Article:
Shalaan Williams of Dorchester has waited a long time for today’s news that her loans will be forgiven.
“Oh my goodness. I can finally laugh again,” said Williams, laughing, shortly after finding out she would be eligible for student loan forgiveness.
Williams enrolled at Corinthian’s Everest Institute in Boston four years ago, after seeing ads on television. She says the advertised job placement rates — now found to have been misleading — were a motivating factor.
Williams says once she got to the campus, recruiters convinced her to take out $21,000 in federal student loans for a medical assistant certificate.
Williams is now employed but, upon her graduation, couldn’t find a job at one of Boston’s many hospitals.
“I had no money at all. I had a brand new baby as soon as a graduated my son was two months old. Like I didn’t have any extra money to pay these bills. So basically my student loans were delinquent as soon as they hit,” said Williams.
On Friday, the Education Department announced Williams and thousands of other students won’t have to pay back those loans.
So far, the Department has approved loan discharges for 8,800 Corinthian students nationwide, and Education Secretary John King says many more are now eligible.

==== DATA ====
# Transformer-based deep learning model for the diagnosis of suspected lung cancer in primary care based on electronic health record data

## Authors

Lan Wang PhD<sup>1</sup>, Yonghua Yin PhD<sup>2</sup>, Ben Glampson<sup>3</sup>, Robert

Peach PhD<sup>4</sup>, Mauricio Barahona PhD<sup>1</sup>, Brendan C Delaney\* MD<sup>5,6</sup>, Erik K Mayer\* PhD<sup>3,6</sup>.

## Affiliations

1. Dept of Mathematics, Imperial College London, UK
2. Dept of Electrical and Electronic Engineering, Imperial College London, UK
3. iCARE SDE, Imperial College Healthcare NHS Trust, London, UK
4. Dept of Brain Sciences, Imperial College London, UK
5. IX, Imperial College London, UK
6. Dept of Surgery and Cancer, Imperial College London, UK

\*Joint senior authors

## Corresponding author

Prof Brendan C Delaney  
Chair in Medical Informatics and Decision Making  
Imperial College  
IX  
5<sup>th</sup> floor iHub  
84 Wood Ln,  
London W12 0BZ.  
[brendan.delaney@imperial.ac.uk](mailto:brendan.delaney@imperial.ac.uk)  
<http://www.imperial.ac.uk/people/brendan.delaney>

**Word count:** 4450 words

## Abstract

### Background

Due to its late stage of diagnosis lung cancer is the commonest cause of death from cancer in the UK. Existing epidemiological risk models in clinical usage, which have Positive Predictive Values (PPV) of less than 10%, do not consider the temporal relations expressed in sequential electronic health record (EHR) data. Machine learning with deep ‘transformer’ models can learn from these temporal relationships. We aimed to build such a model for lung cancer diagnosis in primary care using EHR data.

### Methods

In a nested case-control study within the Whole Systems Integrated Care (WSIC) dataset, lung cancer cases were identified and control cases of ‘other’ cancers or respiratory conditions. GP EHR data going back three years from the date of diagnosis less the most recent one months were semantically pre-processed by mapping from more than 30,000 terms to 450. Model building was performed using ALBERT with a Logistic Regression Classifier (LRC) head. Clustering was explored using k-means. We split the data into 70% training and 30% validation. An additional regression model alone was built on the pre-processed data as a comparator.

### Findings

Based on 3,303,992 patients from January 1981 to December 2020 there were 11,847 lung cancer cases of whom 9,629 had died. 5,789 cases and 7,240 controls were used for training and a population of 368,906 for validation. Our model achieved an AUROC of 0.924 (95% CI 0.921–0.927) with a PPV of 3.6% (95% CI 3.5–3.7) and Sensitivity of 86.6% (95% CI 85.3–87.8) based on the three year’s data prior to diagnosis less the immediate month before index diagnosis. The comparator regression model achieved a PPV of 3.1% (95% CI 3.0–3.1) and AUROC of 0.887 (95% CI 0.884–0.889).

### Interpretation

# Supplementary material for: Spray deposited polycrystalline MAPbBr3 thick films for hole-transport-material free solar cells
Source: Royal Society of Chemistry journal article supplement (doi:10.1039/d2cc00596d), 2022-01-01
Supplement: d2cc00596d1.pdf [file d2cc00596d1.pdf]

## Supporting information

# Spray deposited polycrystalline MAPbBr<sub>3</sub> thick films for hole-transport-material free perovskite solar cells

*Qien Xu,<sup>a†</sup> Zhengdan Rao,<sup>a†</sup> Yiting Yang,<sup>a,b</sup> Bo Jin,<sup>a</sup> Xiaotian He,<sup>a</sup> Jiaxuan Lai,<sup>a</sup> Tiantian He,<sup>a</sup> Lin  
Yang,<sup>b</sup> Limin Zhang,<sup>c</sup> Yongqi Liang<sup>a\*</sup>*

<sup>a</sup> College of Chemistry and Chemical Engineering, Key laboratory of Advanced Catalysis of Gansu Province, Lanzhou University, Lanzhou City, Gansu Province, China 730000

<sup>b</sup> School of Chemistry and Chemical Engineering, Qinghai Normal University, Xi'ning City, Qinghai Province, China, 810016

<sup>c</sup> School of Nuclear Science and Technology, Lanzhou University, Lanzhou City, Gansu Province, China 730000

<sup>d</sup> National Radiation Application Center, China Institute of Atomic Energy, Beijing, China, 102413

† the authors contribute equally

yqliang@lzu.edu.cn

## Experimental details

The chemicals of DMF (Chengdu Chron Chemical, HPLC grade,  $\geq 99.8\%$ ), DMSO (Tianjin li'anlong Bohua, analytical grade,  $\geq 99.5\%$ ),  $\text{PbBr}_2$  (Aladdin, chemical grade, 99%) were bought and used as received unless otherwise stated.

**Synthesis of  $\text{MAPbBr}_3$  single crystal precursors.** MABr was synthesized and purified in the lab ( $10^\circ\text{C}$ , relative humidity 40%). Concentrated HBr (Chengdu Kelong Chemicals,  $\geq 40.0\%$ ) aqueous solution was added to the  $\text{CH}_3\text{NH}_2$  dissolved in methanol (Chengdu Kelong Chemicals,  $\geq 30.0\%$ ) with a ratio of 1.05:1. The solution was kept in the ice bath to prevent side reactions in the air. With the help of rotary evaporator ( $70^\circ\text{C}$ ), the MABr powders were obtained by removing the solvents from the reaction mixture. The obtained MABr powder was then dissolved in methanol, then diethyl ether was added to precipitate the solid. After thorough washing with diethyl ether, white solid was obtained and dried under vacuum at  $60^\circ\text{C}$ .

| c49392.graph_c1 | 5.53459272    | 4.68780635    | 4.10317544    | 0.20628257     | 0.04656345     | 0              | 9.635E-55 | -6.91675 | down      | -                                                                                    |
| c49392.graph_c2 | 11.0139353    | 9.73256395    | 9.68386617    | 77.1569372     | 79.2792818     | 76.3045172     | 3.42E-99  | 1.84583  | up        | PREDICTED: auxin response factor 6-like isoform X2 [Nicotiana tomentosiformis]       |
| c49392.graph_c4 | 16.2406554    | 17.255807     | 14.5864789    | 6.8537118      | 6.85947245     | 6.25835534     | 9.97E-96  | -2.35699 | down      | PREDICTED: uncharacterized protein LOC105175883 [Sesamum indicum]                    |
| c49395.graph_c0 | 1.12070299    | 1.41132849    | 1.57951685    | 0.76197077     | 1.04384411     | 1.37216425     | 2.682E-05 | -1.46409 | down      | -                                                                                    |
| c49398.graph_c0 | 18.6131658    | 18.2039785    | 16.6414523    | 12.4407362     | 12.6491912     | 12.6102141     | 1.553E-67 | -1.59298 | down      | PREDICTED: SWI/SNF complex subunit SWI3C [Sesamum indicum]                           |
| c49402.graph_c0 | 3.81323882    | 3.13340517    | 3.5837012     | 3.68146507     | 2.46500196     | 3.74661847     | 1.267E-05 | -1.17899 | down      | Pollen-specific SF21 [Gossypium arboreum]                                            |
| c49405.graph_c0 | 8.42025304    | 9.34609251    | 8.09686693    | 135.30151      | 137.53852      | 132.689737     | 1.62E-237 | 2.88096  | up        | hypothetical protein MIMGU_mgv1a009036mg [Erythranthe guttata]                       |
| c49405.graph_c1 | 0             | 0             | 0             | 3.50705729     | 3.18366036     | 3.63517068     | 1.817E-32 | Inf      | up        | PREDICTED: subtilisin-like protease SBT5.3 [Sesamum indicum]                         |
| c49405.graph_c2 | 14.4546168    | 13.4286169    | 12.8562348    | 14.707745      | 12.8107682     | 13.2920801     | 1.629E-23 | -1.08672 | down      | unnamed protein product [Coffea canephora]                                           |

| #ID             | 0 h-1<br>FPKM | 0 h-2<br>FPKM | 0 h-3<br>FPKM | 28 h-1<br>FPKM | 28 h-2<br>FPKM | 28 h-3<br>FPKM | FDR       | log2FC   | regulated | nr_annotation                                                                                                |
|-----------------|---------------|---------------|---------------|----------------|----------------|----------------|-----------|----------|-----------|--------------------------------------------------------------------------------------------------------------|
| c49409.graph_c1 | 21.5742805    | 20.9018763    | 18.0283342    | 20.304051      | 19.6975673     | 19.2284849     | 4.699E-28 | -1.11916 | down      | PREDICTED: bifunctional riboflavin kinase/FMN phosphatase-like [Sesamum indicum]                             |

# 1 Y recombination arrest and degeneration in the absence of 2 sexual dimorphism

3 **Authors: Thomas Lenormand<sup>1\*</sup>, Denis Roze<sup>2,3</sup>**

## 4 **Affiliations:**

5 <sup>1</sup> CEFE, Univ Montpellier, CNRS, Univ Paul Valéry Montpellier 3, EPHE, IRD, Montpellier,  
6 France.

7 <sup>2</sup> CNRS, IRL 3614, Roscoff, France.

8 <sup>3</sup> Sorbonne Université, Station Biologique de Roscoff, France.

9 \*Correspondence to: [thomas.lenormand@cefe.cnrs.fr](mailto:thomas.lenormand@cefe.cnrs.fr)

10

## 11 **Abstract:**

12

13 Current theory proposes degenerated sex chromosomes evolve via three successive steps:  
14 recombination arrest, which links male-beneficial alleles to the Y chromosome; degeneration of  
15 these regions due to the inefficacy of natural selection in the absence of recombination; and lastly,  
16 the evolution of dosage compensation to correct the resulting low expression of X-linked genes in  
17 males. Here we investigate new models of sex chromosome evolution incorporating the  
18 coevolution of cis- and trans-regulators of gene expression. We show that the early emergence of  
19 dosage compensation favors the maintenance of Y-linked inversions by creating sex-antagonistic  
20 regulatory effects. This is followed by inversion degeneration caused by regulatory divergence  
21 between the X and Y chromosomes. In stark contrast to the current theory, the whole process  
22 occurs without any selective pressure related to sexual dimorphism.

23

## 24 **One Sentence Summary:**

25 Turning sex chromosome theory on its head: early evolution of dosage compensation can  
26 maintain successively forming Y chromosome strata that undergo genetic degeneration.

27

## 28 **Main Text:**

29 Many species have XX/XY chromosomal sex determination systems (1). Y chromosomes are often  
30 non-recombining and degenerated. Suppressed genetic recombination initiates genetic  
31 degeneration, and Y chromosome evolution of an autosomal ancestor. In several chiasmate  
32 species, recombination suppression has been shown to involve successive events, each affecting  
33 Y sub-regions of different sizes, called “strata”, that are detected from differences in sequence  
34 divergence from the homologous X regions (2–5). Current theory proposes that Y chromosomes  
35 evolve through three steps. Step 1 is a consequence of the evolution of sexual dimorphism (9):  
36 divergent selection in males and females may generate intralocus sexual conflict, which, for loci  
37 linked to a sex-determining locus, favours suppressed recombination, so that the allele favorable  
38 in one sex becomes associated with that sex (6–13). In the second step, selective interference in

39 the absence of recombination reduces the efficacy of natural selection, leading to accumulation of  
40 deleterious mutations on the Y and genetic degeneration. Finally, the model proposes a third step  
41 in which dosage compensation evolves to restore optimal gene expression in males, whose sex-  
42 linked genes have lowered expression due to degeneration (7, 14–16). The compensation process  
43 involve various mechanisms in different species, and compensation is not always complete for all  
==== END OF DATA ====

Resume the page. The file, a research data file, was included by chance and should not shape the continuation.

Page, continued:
“When Americans invest their time, their money, their energy, they have a right to expect that they will graduate with a high-quality degree that will allow them to be competitive for a twenty-first century economy,” said King.
The Department predicts loan forgiveness for those eligible could take a while, but King says it will eventually happen.
“Unfortunately we have institutions like Corinthian that have been motivated more by profit than by the interests of students,” said King.
Nearly two years ago, the Education Department stopped funding Corinthian after the for-profit giant admitted it had fudged its job-placement figures. Corinthian collapsed and taxpayers were left holding the bag.
A recent investigation by California’s attorney general found Corinthian targeted homeless people and then helped them get loans they couldn’t pay back.
“We have allowed some of our most vulnerable people to get ripped off and saddled with debt for life,” said Barmak Nassirian, a federal student aid expert at American Association of State Colleges and Universities.
Nassirian is encouraged by today’s announcement, even though he thinks it’s too little, too late.
“We waited for them to commit the fraud, to cash the check, to go out of business and even then it took us almost a year to finally admit, ‘Oh, I think there might have been some fraud going on here,’” said Nassirian.
Nassirian says Corinthian executives should be held accountable.
“The people who did this are multimillionaires and not a dime will be recovered from them. That should be an outrage,” said Nassirian.
Nassirian points out Corinthian isn’t alone: some but certainly not all for-profit colleges are engaging in similar behavior and, he says, triage after the disaster only goes so far to prevent future disasters.
[Cross-posted at On Campus: the WGBH News Higher Education Blog]